Later still, during the weeks I sat in bed able to think and talk but not yet to remember anything about myself, the Settlement was held up to me as a future strong enough to counterbalance my no-past, a moment that would make me better, whole, complete. When most of my past had eventually returned, in instalments, like back episodes of some mundane soap opera, but I still couldn’t walk, the nurses said the Settlement would put me back on my feet. Marc Daubenay would visit and brief me about our progress towards Settlement while I sat in plaster waiting for my bones to set. After he’d left I’d sit and think of sets-six games in tennis or however many matching cups and plates, the scenery in theatres, patterns. I’d think of remote settlements in ancient times, village outposts crouching beneath hostile skies. I’d think of people-dancers, maybe, or soldiers-crouching, set, waiting for some event to start.

Later, much later, the Settlement came through. I’d been out of hospital for four months, out of physiotherapy for one. I was living on my own on the edge of Brixton, in a one-bedroom flat. I wasn’t working. The company I’d been with up until the accident, a market-research outfit, had said they’d give me paid sick leave until May. It was April. I didn’t feel like going back to work. I didn’t feel like doing anything. I wasn’t doing anything. I passed my days in the most routine of activities: getting up and washing, walking to the shops and back again, reading the papers, sitting in my flat. Sometimes I watched TV, but not much; even that seemed too proactive. Occasionally I’d take the tube up to Angel, to Marc Daubenay’s office. Mostly I just sat in my flat, doing nothing. I was thirty years old.

On the day the Settlement came through, I did have something to do: I had to go and meet a friend at Heathrow Airport. An old friend. She was flying in from Africa. I was just about to leave my flat when the phone rang. It was Daubenay’s secretary. I picked the phone up and her voice said:

“Olanger and Daubenay. Marc Daubenay’s office. Putting you through.”

“Sorry?” I said.

“Putting you through,” she said again.

I remember feeling dizzy. Things I don’t understand make me feel dizzy. I’ve learnt to do things slowly since the accident, understanding every move, each part of what I’m doing. I didn’t choose to do things like this: it’s the only way I can do them. If I don’t understand words, I have one of my staff look them up. That day back in April when Daubenay’s secretary phoned, I didn’t have staff, and anyway they wouldn’t have helped in that instance. I didn’t know who the you was she was putting through-Daubenay or me. A trivial distinction, you might say, but the uncertainty still made me dizzy. I placed my hand against my living-room wall.

Daubenay’s voice came on the line after a few seconds:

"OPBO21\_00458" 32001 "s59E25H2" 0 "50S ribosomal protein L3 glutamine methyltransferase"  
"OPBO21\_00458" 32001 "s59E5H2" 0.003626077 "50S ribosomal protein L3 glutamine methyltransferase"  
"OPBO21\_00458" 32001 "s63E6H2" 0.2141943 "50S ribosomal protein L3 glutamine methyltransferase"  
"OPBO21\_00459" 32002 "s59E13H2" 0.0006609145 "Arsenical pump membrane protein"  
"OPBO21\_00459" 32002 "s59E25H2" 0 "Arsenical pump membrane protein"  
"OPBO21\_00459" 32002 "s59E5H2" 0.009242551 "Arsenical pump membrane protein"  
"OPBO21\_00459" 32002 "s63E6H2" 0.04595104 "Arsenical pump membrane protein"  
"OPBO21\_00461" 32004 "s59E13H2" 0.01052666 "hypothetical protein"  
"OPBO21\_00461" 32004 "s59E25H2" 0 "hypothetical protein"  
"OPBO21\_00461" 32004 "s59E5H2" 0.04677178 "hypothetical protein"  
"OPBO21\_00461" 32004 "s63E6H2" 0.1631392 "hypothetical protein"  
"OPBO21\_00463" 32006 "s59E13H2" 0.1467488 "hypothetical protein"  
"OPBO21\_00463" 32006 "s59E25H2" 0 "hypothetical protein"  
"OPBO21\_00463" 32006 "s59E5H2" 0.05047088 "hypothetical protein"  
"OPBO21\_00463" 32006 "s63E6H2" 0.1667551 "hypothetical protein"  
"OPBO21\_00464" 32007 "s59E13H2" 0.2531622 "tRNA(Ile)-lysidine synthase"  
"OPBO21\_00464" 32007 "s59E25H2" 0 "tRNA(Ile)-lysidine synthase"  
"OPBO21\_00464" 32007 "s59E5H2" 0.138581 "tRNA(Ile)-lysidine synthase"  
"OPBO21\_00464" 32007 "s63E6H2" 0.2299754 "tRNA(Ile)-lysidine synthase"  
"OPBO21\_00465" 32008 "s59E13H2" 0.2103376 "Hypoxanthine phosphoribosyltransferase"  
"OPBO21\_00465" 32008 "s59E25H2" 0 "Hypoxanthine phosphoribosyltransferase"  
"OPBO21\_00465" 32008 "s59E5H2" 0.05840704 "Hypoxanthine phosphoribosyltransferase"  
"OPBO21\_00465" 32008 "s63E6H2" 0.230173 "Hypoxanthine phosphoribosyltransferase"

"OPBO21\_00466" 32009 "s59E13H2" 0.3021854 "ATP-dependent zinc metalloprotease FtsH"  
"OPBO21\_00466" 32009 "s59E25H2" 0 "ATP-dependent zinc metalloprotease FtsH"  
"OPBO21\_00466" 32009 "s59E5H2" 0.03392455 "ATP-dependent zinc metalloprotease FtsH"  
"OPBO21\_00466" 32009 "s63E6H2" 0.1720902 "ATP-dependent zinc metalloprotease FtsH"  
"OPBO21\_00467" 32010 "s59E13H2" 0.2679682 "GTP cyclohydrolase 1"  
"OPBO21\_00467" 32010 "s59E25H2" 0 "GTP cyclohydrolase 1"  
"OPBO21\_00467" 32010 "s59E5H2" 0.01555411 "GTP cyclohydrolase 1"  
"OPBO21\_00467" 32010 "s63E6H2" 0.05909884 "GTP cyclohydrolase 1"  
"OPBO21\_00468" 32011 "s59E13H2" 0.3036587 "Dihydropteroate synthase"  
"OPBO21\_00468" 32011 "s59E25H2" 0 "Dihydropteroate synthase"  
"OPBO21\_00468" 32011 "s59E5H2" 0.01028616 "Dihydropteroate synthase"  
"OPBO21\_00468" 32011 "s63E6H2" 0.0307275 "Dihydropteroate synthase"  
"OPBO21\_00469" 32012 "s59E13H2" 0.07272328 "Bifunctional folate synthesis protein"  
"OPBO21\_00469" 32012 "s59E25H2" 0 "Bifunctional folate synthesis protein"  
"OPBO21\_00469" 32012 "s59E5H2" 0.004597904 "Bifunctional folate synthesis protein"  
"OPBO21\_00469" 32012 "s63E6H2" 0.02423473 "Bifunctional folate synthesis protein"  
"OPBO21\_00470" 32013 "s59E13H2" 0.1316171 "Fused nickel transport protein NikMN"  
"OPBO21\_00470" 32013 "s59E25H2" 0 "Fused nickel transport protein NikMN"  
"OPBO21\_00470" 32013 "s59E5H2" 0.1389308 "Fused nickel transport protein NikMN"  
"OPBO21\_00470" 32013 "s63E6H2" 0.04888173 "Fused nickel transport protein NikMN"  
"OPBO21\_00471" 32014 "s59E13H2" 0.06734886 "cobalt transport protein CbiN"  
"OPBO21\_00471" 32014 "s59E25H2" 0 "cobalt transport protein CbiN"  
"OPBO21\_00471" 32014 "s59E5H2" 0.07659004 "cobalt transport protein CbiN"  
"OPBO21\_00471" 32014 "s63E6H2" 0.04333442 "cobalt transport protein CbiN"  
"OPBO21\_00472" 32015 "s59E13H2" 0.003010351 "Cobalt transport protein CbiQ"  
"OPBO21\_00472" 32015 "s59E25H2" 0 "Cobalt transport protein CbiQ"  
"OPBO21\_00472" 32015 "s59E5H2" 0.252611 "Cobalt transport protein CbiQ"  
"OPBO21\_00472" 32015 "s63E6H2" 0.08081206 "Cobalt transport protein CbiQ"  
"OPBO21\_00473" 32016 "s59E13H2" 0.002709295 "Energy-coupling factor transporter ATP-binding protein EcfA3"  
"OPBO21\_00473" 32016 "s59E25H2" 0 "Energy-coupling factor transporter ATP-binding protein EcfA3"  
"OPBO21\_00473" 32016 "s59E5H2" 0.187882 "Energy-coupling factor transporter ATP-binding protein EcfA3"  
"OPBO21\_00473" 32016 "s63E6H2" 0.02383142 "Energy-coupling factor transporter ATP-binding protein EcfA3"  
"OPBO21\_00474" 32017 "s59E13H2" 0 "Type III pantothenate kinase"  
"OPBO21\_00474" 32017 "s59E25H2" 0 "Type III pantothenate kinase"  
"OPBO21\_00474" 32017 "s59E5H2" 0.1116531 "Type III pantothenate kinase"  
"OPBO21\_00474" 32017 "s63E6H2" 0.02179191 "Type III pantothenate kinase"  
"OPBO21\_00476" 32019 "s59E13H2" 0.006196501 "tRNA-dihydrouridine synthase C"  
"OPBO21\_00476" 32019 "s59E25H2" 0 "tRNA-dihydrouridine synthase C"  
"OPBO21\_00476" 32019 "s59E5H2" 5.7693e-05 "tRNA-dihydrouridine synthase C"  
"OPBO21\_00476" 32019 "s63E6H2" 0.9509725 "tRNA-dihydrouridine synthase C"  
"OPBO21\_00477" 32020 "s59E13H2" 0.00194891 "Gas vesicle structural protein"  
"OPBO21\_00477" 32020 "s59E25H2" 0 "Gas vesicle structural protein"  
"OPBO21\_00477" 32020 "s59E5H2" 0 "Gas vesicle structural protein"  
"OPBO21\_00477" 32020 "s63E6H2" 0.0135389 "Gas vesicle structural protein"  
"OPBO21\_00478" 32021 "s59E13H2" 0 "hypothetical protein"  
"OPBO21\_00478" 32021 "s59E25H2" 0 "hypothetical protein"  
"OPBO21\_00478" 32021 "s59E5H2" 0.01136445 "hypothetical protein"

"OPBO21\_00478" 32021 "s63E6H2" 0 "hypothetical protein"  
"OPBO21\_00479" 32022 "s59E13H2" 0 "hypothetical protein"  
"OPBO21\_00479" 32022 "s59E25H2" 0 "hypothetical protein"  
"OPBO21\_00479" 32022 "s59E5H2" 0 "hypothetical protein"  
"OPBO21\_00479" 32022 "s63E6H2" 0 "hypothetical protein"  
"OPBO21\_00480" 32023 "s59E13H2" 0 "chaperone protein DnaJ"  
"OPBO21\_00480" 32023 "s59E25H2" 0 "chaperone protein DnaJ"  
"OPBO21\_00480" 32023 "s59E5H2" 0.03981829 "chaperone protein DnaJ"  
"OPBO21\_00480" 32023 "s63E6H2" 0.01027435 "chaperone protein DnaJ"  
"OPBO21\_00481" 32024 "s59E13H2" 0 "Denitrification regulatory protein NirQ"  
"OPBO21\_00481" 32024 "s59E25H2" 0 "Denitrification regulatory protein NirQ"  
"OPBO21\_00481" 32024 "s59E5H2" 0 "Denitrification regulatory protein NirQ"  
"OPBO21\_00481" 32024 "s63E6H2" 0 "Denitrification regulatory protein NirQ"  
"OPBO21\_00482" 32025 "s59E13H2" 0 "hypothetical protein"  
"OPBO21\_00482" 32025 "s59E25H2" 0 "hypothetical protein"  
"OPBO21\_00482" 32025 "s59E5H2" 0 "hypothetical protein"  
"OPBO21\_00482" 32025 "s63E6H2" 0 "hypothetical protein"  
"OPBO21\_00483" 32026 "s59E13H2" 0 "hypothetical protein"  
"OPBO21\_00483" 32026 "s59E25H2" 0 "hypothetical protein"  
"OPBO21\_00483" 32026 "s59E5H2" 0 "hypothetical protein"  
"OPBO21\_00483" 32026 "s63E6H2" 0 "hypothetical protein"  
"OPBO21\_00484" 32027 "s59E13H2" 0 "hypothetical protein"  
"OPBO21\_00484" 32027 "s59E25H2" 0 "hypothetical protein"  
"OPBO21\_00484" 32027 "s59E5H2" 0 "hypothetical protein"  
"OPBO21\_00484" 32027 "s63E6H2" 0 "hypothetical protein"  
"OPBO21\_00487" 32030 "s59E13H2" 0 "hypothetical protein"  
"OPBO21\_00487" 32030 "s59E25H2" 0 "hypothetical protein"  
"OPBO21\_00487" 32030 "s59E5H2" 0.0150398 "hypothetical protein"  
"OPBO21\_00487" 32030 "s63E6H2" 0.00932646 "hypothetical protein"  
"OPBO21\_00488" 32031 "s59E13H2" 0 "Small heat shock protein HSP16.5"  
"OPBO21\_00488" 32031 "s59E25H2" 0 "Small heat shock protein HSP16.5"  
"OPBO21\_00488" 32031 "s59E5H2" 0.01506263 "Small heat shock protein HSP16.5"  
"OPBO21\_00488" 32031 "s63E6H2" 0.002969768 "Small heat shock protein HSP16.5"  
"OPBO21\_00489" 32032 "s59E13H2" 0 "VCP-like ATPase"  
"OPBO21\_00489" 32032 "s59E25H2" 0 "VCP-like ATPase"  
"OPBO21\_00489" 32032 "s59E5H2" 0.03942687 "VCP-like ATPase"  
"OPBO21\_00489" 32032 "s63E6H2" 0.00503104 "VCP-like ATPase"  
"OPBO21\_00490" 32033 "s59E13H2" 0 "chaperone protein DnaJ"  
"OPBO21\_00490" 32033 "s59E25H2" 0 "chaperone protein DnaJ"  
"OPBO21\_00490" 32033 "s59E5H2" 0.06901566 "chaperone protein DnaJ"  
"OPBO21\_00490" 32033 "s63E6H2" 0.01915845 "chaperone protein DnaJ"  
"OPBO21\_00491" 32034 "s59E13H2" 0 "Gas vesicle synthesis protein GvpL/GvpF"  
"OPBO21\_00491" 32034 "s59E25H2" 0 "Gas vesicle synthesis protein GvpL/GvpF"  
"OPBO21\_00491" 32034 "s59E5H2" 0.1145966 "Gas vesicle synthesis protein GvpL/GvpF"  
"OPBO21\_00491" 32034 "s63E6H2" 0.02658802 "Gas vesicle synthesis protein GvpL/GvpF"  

“Hello?” it said.

“Hello,” I said back.

“It’s come through,” said Daubenay.

“Yes, it’s me,” I answered. “That was just your secretary putting us through. Now it’s me.”

“Listen,” said Daubenay. His voice was excited; he hadn’t taken in what I’d just said. “Listen: they’ve capitulated.”

“Who?” I asked.

“Who? Them! The other side. They’ve caved in.”

“Oh,” I said. I stood there with my hand against the wall. The wall was yellow, I remember.

“They’ve approached us,” Daubenay continued, “with a deal whose terms are very strong each way.”

“What are the terms?” I asked.

“For your part,” he told me, “you can’t discuss the accident in any public arena or in any recordable format. To all intents and purposes, you must forget it ever happened.”

“I’ve already forgotten,” I said. “I never had any memory of it in the first place.”

This was true, as I mentioned earlier. The last clear memory I have is of being buffeted by wind twenty or so minutes before I was hit.

“They don’t care about that,” Daubenay said. “That’s not what they mean. What they mean is that you must accept that, in law, it ceases to be actionable.”

I thought about that for a while until I understood it. Then I asked him:

“How much are they paying me?”

“Eight and a half million,” Daubenay said.

“Pounds?” I asked.

“Pounds,” Daubenay repeated. “Eight and a half million pounds.”

It took another second or so for me to take in just how much money that was. When I had, I took my hand off the wall and turned suddenly around, towards the window. The movement was so forceful that it pulled the phone wire with it, yanked it right out of the wall. The whole connection came out: the wire, the flat-headed bit that you plug in and the casing of the hole that that plugs into too. It even brought some of the internal wiring that runs through the wall out with it, all dotted and flecked with crumbly, fleshy bits of plaster.